May 28, 2018
Build 'Em Like Becca
By Mike Warkentin
10-time Games qualifier the embodiment of fitness over a lifetime.
10-time Games qualifier the embodiment of fitness over a lifetime.

Becca Voigt is a legend—but a lot of people don’t know that.

The explosive growth of the Sport of Fitness has rightfully made superstars of athletes such as Annie Thorisdottir, Sara Sigmundsdottir and Katrin Davidsdottir, but it’s worth taking a step back to review why Voigt is so special. If you do, you’ll realize she’s a living, breathing, snatching embodiment of CrossFit principles. 


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On May 27, Voigt became the first athlete in history to qualify for the CrossFit Games 10 times as an individual. Next weekend, Ben Smith has a chance to join her, and if he does, he’ll set the mark for consecutive appearances. Voigt’s string stopped at nine last year, though she still competed in the Games as a Masters athlete, taking third in the 35-39 Division. In August, she’ll make her 11th consecutive trip to the Games.

Here’s the rundown:

2008—Seventh

2009—20th

2010—Seventh

2011—Third

2012—10th

2013—11th

2014—24th (also earned Spirit of the Games Award)

2015—31st

2016—35th

2017—Third in Masters 35-39 Division

2018—TBA

Some will look only at the period from 2014 to 2017, when Voigt finished in the bottom half of the pack or competed in the Masters division. It’s a sad reality that the top 10 shine so brightly that we tend to regard the bottom 20-30 Games athletes as subpar in some way even though they are the fittest people in any room they walk into. 

But taken in total, Voigt’s accomplishments are almost unbelievable: She has competed at the highest level for 11 years straight. She has evolved as an athlete just as the Sport of Fitness evolved around her.
 

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Voigt, 2018 West Regional, Event 6

Think about it: Voigt started in 2008, when the sport was new and the Games featured just four events over two days. No handstand walks, no muscle-ups, no cycling, no swimming. As the sport evolved to include more movements, more events, more volume and athletes from around the world, Voigt changed, too. By 2011—with a swimming test among nine others in a three-day competition—Voigt was on the podium, showing she had acquired all the fitness required to stand above the best athletes on the planet.

She placed in the top 11 in each of the next two years as the tests became yet more challenging and younger rivals kept appearing. From 2014 to 2016, she was perhaps less competitive at the Games level, but she was still up for every challenge.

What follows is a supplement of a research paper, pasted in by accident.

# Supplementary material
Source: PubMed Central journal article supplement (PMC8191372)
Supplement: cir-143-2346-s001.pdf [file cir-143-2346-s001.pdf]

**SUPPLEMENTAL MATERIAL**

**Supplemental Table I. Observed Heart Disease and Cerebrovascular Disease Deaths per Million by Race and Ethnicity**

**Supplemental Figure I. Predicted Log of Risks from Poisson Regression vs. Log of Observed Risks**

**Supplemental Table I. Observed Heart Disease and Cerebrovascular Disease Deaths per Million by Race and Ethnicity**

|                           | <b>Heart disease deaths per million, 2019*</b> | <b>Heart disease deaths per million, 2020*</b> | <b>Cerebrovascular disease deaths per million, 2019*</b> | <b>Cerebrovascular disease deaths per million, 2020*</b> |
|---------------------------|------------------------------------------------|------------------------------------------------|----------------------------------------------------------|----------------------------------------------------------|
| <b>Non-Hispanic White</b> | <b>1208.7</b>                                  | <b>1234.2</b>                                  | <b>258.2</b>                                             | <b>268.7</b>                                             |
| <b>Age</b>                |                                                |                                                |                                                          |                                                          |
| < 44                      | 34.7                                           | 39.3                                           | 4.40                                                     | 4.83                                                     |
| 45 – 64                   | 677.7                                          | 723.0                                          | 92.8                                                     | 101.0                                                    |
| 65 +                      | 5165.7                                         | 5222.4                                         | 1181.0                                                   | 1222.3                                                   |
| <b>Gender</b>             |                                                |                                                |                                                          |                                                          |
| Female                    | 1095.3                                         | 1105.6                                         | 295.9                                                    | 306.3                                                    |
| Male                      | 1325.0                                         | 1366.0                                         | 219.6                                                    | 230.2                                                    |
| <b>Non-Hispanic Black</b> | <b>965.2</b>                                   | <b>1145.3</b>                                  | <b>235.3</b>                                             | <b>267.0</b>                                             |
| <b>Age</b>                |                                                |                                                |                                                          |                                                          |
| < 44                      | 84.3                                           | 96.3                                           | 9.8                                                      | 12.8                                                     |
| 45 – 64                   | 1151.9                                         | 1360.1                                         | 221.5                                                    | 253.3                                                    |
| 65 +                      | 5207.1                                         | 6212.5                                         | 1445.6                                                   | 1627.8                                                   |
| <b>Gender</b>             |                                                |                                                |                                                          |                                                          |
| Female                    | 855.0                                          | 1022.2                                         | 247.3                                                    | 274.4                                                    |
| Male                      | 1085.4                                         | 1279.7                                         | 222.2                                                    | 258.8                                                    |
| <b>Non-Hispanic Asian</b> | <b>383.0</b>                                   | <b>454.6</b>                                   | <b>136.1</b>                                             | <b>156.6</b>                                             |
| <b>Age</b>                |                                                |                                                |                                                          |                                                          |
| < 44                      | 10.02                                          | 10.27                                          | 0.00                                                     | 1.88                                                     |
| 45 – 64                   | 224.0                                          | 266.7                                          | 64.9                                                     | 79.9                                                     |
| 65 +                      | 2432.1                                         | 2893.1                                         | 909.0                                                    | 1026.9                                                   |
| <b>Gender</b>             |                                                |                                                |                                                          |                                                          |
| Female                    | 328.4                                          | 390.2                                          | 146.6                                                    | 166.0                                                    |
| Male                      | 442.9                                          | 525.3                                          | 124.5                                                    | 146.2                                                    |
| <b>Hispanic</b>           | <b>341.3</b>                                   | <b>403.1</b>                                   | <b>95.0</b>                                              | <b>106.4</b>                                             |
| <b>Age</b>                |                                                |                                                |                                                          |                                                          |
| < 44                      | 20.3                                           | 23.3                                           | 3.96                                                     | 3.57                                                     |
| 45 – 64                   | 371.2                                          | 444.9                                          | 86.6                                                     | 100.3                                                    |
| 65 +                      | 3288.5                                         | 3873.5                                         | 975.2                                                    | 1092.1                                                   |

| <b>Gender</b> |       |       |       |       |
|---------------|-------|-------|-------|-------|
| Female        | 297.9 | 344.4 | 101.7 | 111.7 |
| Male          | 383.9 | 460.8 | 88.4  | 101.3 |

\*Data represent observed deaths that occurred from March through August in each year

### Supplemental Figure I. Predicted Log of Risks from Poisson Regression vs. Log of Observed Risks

But really, her Games placings don’t matter. Just making it to the Games is an incredible accomplishment, and Voigt’s done it in one of the toughest regions in the world. Stats geeks might have data that shows Europe’s women are more competitive than the athletes in other regions, but the truth is that California is CrossFit’s Ground Zero, and Voigt’s had to compete with very experienced athletes for years, both in the Open and at Regionals. And she’s beaten them to earn every trip to the Games, including this year, when she emerged from a deep field that featured no fewer than 11 Games veterans.
 

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Even more impressive, Voigt bounced back from disappointment in 2017 to get back to the Individual competition. Falling out of the Individual ranks is a mental apocalypse of sorts, an almost spirit-breaking step down that changes most athletes. A mental switch is often flipped when people accept that they are “old,” and the hunger to compete at the highest level goes away.

I talked to Voigt’s coach, Katie Hogan, and she mentioned that a mental drop-off was a concern. But the two went all in to get back to the big show at the Games, and they were rewarded when Voigt thrustered her way into the fifth and final Games spot in the West Regional. Thrusters, by the way, were an area of focus in training for Voigt, who also competed with a broken thumb.

Regardless of her placings at Regionals or the Games, Voigt has shown that she is literally ready for anything at any time. 

CrossFit’s original two-dimensional model of fitness graphed power against time. That evolved to include a third axis: age. Now we look at health as the ability to do as much work as possible for as many years as possible—fitness over a lifetime. 
 

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Voigt is the embodiment of that graph, found on page 38 of the “Level 1 Training Guide.” For 11 years, she’s worked on all aspects of fitness and eliminated her weaknesses. She’s been so good at doing it that she’s been able to best her peers—many of them far younger than she is—year after year in the toughest competitions. She’s done all this while running CrossFit Training Yard and helping others become healthier. 

When August rolls around and the competition begins in Madison, all eyes will be on the new superstars of CrossFit—as they should be. But no matter who’s at the top of the leaderboard, make sure you pay attention to Becca Voigt.

Others might finish higher, but no one has demonstrated elite work capacity for longer. 
 

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Follow @CrossFitPhotoJournal for updates from the Atlantic Regional, June 1-3.

All Photos: Mike Warkentin

About the Author: Mike Warkentin is the managing editor of the CrossFit Journal and the founder of CrossFit 204.